Cutting tool was CBN 25, with geometry CNMA 1204__** TN3 (** - depending on tool
radii). Tool was nested into holder PCLNL 2525M12 MED25100. Roughness was measured
with table type device PERTHOMETER S8P 4.51 with head feeding into range 1,5-60 mm.
Accuracy of head feeding was 0,2 m/60 mm, referent profile length le=0,8 mm and observed
length lm=4mm (DIN 4762). Used filter had 75% filtering. It were measured values of Ra
(DIN 4762, DIN 4768 and ISO 4287/1) and Rmax (DIN 4768). Cutting force measurement
was performed with 3-channel KISTLER measuring device type 9257 B connected on data
acquisition device Nicolett/ Odyssey with software Ver. 2.3. Analysis of cutting force
measurement was done using MATLAB software. Cutting tool wear measurement was
performed with SMARTSCOPE MVP2501588 Optical Gaging Products on table MSA6506
RSF Elektronik Austria. Output results were read values VB, VBmax and digitized (scanned)
photo of tool wear in TGA format. Analysis of scanned photo of tool wear was done with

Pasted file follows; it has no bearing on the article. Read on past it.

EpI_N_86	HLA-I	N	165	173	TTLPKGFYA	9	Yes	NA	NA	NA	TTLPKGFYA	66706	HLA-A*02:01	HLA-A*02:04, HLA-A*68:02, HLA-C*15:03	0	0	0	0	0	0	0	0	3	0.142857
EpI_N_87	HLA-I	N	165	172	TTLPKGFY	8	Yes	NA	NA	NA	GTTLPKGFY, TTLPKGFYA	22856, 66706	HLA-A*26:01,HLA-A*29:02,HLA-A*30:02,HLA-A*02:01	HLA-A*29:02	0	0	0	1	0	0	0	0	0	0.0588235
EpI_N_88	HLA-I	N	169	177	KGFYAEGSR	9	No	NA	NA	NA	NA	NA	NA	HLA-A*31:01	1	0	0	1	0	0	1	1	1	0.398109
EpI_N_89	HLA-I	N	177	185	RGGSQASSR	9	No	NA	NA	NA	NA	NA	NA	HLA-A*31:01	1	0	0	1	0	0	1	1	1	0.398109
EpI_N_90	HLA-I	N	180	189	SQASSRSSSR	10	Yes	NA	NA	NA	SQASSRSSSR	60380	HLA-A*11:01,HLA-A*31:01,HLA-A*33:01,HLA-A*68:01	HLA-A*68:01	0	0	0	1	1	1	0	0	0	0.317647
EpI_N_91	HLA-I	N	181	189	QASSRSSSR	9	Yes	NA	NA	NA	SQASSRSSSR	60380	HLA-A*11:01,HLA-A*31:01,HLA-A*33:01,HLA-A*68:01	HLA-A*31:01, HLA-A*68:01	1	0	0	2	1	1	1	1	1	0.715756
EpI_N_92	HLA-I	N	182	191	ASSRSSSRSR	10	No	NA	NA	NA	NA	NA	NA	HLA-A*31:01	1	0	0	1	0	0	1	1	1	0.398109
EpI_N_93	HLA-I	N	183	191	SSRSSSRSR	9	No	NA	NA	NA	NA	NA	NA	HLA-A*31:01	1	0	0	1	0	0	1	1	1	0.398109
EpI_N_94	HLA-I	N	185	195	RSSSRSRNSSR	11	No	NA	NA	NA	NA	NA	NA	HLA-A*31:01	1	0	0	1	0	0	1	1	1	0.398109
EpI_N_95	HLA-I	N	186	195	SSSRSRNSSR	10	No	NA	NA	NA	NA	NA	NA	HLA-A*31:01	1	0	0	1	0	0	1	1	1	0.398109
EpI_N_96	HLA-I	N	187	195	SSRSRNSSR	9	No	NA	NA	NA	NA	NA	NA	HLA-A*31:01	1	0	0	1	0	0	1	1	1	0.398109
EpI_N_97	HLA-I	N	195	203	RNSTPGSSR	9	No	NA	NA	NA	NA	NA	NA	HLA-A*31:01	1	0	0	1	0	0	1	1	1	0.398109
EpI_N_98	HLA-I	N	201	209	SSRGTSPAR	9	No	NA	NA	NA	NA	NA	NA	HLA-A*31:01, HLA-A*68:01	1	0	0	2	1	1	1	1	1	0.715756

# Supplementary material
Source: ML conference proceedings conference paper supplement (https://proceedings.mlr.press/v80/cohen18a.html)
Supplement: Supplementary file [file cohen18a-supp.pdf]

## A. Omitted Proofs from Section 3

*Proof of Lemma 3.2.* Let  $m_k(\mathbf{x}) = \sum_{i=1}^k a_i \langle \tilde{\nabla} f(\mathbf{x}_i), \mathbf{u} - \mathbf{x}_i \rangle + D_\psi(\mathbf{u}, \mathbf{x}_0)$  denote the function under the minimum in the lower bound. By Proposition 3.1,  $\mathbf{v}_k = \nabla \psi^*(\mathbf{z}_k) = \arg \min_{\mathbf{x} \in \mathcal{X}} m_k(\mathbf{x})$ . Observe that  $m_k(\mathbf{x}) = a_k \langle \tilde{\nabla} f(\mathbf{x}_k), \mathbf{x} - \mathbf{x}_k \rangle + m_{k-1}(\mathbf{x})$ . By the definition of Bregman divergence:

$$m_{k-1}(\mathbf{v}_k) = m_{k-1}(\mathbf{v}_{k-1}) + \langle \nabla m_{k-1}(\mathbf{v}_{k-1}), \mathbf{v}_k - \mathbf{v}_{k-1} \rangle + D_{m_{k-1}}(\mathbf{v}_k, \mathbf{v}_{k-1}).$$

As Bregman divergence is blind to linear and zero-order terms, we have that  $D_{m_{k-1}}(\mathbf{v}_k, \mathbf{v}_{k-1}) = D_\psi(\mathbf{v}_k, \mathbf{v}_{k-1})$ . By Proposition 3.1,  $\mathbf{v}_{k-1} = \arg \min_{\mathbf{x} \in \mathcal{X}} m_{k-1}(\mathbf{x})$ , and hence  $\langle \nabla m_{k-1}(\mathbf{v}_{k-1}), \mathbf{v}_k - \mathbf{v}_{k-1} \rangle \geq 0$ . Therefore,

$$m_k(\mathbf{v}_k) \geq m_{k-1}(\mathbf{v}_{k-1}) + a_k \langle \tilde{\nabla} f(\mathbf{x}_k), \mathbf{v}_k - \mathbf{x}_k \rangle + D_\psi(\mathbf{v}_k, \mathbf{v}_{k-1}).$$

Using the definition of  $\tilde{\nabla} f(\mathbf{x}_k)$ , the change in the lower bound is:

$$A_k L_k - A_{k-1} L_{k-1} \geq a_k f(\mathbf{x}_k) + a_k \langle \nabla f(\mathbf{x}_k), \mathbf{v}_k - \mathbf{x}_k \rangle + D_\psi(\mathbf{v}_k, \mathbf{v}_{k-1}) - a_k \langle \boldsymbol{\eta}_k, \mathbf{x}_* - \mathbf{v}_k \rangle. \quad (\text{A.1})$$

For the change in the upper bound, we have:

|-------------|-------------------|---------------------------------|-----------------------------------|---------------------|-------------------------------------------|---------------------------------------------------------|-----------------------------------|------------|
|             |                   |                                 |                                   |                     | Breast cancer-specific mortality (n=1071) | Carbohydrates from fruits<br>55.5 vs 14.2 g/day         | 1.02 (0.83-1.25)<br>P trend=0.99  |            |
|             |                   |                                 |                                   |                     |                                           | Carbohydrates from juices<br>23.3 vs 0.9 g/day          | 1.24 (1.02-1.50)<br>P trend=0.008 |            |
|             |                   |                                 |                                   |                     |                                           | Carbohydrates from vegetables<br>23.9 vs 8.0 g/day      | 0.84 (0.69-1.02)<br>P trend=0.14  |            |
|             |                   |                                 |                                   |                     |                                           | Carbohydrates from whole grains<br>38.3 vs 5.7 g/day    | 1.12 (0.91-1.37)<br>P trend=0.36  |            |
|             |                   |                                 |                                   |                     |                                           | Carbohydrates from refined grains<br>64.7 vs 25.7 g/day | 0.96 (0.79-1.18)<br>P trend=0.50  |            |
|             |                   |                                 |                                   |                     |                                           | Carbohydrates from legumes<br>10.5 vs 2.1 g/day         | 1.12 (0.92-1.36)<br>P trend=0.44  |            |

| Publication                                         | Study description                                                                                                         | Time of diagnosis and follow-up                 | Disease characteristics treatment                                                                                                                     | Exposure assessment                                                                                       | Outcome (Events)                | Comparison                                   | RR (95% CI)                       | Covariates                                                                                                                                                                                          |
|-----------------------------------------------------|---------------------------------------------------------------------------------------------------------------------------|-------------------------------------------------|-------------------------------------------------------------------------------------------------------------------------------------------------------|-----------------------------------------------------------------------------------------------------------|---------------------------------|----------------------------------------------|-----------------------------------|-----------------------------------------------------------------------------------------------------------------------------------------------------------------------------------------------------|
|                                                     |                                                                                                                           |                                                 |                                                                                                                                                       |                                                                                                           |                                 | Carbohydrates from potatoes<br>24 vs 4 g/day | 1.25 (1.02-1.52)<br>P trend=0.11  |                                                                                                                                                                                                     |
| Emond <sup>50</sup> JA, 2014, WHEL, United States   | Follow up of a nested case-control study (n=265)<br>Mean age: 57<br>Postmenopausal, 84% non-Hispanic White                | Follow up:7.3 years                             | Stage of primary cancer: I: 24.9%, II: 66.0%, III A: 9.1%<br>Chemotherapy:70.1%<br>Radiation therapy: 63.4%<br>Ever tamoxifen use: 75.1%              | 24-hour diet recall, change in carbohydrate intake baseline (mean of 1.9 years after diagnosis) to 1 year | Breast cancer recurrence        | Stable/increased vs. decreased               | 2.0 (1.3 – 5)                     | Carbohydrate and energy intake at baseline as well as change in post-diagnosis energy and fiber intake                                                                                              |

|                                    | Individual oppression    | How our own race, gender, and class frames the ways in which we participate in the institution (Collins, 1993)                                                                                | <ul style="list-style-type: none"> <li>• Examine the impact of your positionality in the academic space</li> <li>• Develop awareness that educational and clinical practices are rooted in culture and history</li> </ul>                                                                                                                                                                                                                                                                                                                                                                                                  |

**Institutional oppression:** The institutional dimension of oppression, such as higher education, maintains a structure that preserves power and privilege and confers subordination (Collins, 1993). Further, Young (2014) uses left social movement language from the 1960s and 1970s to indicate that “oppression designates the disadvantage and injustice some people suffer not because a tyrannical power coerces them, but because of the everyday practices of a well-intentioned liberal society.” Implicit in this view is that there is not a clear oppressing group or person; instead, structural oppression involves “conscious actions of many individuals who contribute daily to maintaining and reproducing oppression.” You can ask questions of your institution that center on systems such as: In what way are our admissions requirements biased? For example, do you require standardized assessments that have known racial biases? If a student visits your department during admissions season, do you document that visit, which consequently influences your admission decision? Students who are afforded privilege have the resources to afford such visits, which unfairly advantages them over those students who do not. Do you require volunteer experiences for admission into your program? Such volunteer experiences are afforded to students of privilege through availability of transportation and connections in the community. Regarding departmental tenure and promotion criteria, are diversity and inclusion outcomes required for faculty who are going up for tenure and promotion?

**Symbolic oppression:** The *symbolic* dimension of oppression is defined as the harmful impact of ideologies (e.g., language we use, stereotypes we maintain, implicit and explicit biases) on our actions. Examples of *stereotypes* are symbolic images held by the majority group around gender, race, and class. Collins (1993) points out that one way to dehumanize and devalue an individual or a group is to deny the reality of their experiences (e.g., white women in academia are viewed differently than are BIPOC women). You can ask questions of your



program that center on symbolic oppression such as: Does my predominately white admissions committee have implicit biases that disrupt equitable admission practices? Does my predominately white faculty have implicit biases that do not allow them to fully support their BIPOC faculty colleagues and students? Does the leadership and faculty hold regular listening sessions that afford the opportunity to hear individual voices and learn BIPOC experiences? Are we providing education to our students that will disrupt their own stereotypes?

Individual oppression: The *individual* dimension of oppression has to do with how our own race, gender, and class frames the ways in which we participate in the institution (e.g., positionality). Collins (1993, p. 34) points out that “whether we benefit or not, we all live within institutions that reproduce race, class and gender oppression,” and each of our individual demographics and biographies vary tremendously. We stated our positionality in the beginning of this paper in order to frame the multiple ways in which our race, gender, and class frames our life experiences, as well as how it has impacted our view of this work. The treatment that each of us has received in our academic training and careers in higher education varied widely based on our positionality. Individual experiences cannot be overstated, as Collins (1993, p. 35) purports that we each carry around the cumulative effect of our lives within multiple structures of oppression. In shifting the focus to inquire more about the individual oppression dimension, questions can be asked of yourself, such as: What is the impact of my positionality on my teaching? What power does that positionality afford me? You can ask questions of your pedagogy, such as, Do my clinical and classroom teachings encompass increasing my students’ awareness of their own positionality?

UTHSCSA Image Tools for Windows Ver2.0.

4. DESIGN OF EXPERIMENT AND RESULTS

   Investigation was performed with four independent (input) variables : cutting speed , depth
of cutting, feed and insert radius. Max. possible speed in our condition was 2500 m/min but at
speeds higher than 800 m/min tool wear was to high and therefore two speed level were
adopted (450 and 600 m/min). Depth of cut and feed were, because of physical properties of
material, kept low (fmin=0,1 mm, fmax=0,2 mm, apmin=0,2 mm and apmax=0,35 mm). Insert
radius r was varied between range 0,4 and 1,2 mm. Experiment design was central composite
design with 32 measurements (8 measurements in centre).
   Five output variables were measured: two to indicate surface roughness (Ra, Rmax), and
three to indicate cutting forces Fc, Fp and Ff . After the regression analysis was done, five
mathematical models (1-5) of output functions were obtained :